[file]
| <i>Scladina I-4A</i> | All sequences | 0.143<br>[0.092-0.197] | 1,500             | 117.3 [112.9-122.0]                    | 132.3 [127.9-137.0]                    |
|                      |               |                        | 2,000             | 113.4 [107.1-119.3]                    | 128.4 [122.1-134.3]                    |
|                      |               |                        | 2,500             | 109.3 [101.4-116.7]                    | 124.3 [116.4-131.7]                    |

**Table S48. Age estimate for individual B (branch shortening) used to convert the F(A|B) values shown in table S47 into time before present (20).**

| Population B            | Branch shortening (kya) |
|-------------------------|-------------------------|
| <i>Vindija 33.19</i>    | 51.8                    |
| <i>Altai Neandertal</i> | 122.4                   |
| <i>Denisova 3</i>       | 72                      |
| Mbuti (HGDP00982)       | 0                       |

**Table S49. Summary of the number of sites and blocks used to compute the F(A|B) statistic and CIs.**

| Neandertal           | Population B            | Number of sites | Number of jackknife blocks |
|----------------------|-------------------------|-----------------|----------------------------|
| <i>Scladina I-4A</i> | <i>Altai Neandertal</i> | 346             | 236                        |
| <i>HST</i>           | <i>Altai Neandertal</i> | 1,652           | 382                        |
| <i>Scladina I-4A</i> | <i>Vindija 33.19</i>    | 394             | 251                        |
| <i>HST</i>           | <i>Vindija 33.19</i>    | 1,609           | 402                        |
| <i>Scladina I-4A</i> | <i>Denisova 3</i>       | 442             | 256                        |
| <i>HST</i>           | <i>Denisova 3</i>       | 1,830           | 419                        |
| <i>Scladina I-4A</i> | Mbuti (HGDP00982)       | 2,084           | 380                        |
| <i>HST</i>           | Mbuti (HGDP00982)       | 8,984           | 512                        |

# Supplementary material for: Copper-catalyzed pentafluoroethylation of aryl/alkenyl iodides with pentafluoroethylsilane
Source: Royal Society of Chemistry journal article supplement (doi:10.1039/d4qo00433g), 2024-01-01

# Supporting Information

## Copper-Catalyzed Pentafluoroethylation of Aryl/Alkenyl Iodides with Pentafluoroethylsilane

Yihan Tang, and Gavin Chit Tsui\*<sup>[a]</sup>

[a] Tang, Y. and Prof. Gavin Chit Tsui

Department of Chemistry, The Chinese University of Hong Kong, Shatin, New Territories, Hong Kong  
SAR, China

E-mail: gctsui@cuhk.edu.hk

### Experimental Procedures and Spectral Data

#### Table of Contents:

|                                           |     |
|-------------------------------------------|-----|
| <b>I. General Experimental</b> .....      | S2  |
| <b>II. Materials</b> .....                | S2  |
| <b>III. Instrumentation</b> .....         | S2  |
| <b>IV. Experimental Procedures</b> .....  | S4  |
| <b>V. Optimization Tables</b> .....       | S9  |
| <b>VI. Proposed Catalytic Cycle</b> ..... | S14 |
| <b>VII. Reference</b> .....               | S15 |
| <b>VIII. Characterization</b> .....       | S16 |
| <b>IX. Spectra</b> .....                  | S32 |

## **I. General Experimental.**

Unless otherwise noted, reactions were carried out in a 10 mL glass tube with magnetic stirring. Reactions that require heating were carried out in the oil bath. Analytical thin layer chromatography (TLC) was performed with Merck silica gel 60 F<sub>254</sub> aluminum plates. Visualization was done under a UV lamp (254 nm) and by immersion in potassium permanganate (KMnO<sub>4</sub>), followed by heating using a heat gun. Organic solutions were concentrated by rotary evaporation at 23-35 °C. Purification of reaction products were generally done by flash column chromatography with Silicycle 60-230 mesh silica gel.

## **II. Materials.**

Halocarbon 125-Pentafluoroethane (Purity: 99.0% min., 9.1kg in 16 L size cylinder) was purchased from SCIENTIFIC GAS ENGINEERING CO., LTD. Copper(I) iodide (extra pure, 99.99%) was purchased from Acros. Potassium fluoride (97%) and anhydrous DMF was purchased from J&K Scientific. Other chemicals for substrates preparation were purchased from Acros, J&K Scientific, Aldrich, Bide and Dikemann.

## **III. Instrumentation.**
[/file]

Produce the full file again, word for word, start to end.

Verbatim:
| <i>Scladina I-4A</i> | All sequences | 0.143<br>[0.092-0.197] | 1,500             | 117.3 [112.9-122.0]                    | 132.3 [127.9-137.0]                    |
|                      |               |                        | 2,000             | 113.4 [107.1-119.3]                    | 128.4 [122.1-134.3]                    |
|                      |               |                        | 2,500             | 109.3 [101.4-116.7]                    | 124.3 [116.4-131.7]                    |

**Table S48. Age estimate for individual B (branch shortening) used to convert the F(A|B) values shown in table S47 into time before present (20).**

| Population B            | Branch shortening (kya) |
|-------------------------|-------------------------|
| <i>Vindija 33.19</i>    | 51.8                    |
| <i>Altai Neandertal</i> | 122.4                   |
| <i>Denisova 3</i>       | 72                      |
| Mbuti (HGDP00982)       | 0                       |

**Table S49. Summary of the number of sites and blocks used to compute the F(A|B) statistic and CIs.**

| Neandertal           | Population B            | Number of sites | Number of jackknife blocks |
|----------------------|-------------------------|-----------------|----------------------------|
| <i>Scladina I-4A</i> | <i>Altai Neandertal</i> | 346             | 236                        |
| <i>HST</i>           | <i>Altai Neandertal</i> | 1,652           | 382                        |
| <i>Scladina I-4A</i> | <i>Vindija 33.19</i>    | 394             | 251                        |
| <i>HST</i>           | <i>Vindija 33.19</i>    | 1,609           | 402                        |
| <i>Scladina I-4A</i> | <i>Denisova 3</i>       | 442             | 256                        |
| <i>HST</i>           | <i>Denisova 3</i>       | 1,830           | 419                        |
| <i>Scladina I-4A</i> | Mbuti (HGDP00982)       | 2,084           | 380                        |
| <i>HST</i>           | Mbuti (HGDP00982)       | 8,984           | 512                        |

# Supplementary material for: Copper-catalyzed pentafluoroethylation of aryl/alkenyl iodides with pentafluoroethylsilane
Source: Royal Society of Chemistry journal article supplement (doi:10.1039/d4qo00433g), 2024-01-01

# Supporting Information

## Copper-Catalyzed Pentafluoroethylation of Aryl/Alkenyl Iodides with Pentafluoroethylsilane

Yihan Tang, and Gavin Chit Tsui\*<sup>[a]</sup>

[a] Tang, Y. and Prof. Gavin Chit Tsui

Department of Chemistry, The Chinese University of Hong Kong, Shatin, New Territories, Hong Kong  
SAR, China

E-mail: gctsui@cuhk.edu.hk

### Experimental Procedures and Spectral Data

#### Table of Contents:

|                                           |     |
|-------------------------------------------|-----|
| <b>I. General Experimental</b> .....      | S2  |
| <b>II. Materials</b> .....                | S2  |
| <b>III. Instrumentation</b> .....         | S2  |
| <b>IV. Experimental Procedures</b> .....  | S4  |
| <b>V. Optimization Tables</b> .....       | S9  |
| <b>VI. Proposed Catalytic Cycle</b> ..... | S14 |
| <b>VII. Reference</b> .....               | S15 |
| <b>VIII. Characterization</b> .....       | S16 |
| <b>IX. Spectra</b> .....                  | S32 |

## **I. General Experimental.**

Unless otherwise noted, reactions were carried out in a 10 mL glass tube with magnetic stirring. Reactions that require heating were carried out in the oil bath. Analytical thin layer chromatography (TLC) was performed with Merck silica gel 60 F<sub>254</sub> aluminum plates. Visualization was done under a UV lamp (254 nm) and by immersion in potassium permanganate (KMnO<sub>4</sub>), followed by heating using a heat gun. Organic solutions were concentrated by rotary evaporation at 23-35 °C. Purification of reaction products were generally done by flash column chromatography with Silicycle 60-230 mesh silica gel.

## **II. Materials.**

Halocarbon 125-Pentafluoroethane (Purity: 99.0% min., 9.1kg in 16 L size cylinder) was purchased from SCIENTIFIC GAS ENGINEERING CO., LTD. Copper(I) iodide (extra pure, 99.99%) was purchased from Acros. Potassium fluoride (97%) and anhydrous DMF was purchased from J&K Scientific. Other chemicals for substrates preparation were purchased from Acros, J&K Scientific, Aldrich, Bide and Dikemann.

## **III. Instrumentation.**